Kundra explains cost-cutting for 24,000 fed websites

After the White House’s campaign to trim duplicative federal websites got off to a rocky start last month, CIO Vivek Kundra has emphasized that the goal is to comprehensively improve online services and save money.

Kundra, appearing in a video conference at the White House broadcast live online on July 12, said the Web reform initiative is just getting started and involves more than trimming the overtly duplicative, outdated and rarely-visited sites among the estimated 24,000 federal websites.

The next steps involve more ambitious strategies to improve efficiency and online service delivery in a comprehensive fashion, which will reduce taxpayer costs, he said.

“We have watched a huge revolution in how services are delivered in the private sector,” Kundra said, naming “self-service” Web portals and mobile device applications as examples. But the public sector has lagged behind in those areas, he said.

“Having Americans navigate the jungle of 24,000 websites makes no sense,” Kundra said.

The White House announced the Web reform plan June 13 as part of its ongoing campaign to cut waste. Initial reaction was somewhat mixed, as taxpayer groups suggested it would generate only modest savings and bloggers mentioned specific sites — such as FiddlinForesters.gov for a string band made up of U.S. Forest Rangers -- targeted for elimination.

“We must bid farewell to everyone’s favorite website devoted to foresters who play the fiddle,” wrote blogger Nathan Badley in an entry on June 16.

On July 12, the White House created a new website for the program and released names of the members of a federal task force to carry out the website campaign. The campaign also published a list of the 1,759 federal Web domains that host all the websites involved. By Oct. 31, federal agencies have been ordered to submit an inventory of their websites and plans for improved efficiency.

The effort will involve new policies and efficiency-oriented website restructurings that aim to streamline how information is delivered to the public via the Web and to reduce the need for back-end support provided to the websites by federal employees and IT systems, Kundra said.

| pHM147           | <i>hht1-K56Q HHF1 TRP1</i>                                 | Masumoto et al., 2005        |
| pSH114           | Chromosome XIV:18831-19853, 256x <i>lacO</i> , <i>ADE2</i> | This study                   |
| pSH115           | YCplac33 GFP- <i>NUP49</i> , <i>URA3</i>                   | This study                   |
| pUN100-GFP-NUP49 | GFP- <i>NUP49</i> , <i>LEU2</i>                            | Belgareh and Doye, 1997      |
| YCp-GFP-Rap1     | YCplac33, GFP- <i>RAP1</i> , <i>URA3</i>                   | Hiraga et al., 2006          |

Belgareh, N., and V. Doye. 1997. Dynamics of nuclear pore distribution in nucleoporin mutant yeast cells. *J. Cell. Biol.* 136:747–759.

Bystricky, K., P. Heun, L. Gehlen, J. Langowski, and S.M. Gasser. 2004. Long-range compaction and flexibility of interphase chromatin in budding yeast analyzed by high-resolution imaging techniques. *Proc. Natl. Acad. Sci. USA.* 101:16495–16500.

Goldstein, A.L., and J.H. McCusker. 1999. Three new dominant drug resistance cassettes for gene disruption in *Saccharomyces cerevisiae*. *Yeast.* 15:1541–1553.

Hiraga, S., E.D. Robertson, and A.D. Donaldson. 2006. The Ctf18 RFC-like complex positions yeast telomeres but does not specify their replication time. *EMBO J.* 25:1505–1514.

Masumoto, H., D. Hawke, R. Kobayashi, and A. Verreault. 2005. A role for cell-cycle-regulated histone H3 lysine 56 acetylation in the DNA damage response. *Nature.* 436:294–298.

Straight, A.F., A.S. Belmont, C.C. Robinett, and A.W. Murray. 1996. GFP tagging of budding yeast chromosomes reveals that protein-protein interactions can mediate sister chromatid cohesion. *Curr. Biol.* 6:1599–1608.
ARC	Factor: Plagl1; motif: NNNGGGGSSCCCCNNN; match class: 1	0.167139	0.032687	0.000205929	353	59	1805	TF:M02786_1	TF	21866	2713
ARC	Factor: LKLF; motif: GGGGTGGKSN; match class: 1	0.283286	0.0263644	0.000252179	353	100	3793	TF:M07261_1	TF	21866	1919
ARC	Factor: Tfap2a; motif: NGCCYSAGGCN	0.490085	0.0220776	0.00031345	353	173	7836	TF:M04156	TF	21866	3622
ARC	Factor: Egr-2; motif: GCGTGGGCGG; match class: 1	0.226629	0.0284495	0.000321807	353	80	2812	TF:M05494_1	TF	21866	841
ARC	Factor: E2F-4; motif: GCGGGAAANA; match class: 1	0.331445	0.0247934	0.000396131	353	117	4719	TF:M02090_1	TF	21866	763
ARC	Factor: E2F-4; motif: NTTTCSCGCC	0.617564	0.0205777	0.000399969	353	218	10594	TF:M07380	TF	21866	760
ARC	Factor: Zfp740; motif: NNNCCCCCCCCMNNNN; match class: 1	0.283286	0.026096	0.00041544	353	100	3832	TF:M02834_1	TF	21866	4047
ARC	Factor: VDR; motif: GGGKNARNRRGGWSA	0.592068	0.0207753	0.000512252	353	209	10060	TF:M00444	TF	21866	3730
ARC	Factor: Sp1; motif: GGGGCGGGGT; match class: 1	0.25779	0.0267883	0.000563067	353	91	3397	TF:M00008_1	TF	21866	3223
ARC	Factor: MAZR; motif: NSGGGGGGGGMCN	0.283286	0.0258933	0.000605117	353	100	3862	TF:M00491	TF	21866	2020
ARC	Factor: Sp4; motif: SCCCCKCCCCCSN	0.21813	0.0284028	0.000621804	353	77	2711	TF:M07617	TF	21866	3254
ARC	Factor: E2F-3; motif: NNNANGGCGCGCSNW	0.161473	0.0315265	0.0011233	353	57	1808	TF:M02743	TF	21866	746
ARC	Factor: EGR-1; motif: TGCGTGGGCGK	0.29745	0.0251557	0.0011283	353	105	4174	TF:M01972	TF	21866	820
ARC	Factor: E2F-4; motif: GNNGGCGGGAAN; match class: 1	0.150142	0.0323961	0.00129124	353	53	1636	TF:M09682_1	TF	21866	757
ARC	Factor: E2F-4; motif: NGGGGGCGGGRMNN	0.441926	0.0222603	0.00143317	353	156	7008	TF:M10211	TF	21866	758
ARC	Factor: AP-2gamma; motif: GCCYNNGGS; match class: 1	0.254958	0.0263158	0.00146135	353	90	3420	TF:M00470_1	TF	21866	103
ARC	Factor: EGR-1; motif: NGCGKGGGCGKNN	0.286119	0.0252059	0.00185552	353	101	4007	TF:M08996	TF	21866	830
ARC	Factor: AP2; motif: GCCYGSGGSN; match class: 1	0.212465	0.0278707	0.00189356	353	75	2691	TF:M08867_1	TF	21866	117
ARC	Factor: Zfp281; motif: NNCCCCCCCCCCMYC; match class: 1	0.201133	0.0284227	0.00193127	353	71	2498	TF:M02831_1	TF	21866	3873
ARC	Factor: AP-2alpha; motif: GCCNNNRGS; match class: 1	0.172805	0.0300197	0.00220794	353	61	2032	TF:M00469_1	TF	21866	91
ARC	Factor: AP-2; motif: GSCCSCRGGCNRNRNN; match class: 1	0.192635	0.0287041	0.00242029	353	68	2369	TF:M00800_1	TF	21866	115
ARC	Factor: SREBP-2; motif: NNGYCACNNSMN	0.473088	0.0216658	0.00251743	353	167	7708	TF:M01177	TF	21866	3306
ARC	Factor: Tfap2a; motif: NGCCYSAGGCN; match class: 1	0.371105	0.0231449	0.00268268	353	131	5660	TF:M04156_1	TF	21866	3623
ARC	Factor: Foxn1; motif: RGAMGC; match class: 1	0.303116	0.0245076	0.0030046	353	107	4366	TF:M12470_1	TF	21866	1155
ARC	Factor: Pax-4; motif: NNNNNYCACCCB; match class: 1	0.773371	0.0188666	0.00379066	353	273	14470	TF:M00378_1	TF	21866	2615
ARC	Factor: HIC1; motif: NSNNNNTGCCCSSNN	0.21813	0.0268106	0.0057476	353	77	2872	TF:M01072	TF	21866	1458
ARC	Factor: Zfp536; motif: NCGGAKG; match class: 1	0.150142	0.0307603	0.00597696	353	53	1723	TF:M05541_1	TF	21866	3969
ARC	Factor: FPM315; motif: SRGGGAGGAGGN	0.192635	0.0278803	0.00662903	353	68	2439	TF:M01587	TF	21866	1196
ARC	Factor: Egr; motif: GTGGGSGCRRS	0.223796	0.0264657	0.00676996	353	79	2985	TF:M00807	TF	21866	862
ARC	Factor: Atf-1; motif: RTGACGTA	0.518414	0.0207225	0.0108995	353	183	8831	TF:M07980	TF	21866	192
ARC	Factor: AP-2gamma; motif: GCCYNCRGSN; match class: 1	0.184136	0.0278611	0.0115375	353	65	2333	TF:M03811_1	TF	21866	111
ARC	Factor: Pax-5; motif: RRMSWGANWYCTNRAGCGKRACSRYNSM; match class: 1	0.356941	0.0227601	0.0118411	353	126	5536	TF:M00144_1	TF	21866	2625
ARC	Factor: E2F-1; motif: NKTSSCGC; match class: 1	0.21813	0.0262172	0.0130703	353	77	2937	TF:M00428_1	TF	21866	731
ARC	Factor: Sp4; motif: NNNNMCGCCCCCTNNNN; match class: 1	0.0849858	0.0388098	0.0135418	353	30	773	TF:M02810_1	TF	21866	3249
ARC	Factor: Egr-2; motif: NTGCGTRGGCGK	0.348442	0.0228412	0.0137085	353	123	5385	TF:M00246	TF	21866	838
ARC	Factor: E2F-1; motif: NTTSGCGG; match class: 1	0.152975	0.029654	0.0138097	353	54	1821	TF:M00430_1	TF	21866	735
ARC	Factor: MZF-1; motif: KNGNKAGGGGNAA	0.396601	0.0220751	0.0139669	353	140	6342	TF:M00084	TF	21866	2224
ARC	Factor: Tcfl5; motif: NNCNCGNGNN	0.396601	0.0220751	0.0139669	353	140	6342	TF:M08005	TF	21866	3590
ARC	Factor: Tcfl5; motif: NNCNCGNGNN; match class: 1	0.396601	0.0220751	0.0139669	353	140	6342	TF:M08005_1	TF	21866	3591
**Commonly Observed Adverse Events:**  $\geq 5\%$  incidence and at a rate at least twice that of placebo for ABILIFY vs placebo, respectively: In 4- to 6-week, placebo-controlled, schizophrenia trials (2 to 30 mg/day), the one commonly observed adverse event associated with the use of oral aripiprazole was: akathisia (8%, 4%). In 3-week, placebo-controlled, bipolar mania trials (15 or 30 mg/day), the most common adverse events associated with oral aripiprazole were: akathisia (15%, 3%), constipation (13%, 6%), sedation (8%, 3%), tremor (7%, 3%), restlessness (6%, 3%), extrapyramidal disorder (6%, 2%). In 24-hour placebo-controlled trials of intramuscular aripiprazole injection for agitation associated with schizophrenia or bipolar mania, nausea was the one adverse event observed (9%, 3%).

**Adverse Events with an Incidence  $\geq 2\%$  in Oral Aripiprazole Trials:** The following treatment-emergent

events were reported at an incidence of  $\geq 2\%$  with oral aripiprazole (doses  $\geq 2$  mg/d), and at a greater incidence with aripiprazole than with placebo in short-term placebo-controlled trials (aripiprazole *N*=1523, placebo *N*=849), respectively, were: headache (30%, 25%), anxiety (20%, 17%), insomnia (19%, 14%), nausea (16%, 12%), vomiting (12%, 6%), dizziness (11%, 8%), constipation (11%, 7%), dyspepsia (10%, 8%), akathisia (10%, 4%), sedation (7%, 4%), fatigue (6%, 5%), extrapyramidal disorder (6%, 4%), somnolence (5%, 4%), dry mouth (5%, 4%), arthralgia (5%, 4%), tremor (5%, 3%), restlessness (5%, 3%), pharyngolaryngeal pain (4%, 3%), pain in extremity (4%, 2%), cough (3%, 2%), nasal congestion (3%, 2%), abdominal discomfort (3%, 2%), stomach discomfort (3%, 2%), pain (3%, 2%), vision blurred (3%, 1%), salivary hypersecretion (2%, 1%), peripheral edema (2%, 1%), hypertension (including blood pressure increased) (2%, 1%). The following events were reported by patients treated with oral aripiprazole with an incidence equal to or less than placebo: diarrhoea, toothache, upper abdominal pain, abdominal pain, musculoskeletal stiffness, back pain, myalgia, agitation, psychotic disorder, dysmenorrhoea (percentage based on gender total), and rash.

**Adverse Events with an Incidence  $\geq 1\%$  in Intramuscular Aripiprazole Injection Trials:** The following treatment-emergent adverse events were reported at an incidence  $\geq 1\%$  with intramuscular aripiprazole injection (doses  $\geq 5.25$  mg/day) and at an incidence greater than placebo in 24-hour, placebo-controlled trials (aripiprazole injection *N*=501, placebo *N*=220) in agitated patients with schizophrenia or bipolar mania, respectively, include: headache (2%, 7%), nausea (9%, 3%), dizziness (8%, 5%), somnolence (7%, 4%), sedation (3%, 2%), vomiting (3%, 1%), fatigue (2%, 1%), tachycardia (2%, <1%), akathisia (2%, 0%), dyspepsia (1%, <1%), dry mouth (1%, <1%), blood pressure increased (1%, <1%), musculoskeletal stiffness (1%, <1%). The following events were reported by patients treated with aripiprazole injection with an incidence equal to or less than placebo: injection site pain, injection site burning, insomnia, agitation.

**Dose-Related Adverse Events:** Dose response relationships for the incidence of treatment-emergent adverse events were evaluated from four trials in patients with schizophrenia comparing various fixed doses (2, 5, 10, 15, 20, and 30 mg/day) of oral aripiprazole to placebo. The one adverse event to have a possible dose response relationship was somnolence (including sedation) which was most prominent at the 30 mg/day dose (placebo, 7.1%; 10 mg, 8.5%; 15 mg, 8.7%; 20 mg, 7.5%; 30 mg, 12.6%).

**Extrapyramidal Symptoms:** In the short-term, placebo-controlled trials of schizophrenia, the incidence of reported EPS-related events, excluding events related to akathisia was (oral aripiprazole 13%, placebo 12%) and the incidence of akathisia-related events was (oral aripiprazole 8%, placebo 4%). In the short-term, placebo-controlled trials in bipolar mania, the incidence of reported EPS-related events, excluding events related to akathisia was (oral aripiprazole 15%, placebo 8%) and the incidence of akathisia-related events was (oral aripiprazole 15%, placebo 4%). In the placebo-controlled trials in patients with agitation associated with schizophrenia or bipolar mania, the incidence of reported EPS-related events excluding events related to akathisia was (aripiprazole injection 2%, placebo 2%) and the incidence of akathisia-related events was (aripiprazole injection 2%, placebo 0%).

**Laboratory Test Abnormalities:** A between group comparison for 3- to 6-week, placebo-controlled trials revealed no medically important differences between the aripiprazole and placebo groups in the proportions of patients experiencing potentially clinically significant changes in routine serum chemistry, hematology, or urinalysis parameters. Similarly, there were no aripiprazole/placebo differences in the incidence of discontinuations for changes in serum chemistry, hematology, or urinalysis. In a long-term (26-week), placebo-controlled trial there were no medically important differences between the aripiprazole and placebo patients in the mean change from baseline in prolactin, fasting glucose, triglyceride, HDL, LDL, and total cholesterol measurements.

At the same time, the agencies have to be mindful of records management laws and requirements as they consolidate on the Web, he added.

There is much room for improved efficiency, Kundra asserted. Many federal sites were designed with 1980s and 1990s information architectures and ought to be updated, and also should be designed to accommodate the growing popularity of mobile devices, Kundra said. Also, more individual sites should use the common USA.gov central search engine rather than develop and use their own search engines.

Federal sites should take greater advantage of the self-service Web applications developed in the private sector rather than rely on federal staff and systems to provide information, he added.

“It is very hard to figure out where the website starts or stops and the back end begins,” Kundra said. 

He suggested that inefficiencies are likely as prevalent in federal websites as they are in federal data centers. Both websites and data centers grew in number dramatically in the last decade, and many are underused, Kundra asserted. The White House has a related campaign to consolidate 800 federal data centers that are operating below capacity.

Kundra will leave the White House in August to accept a position at Harvard University.

Sheila Campbell, director of the General Services Administration’s Center for Excellence in Digital Government, outlined some of the other upcoming benchmarks for the Web reform campaign:

  • The task force is consulting with the United Kingdom, state of California, World Bank and other entities that have consolidated public sector domain websites into a single domain, or into several domains.
  • Federal agencies by Oct. 31 must perform an inventory of their websites with information on who is in charge, how often it is updated, what is the purpose, who is intended audience and what are the top tasks performed, among others. The agencies also must submit plans for public service improvement on the Web.
  • The task force will look at Web policies, which have not been updated since 2004, to look for opportunities for common tools and design templates.













About the Author

Alice Lipowicz is a staff writer covering government 2.0, homeland security and other IT policies for Federal Computer Week.

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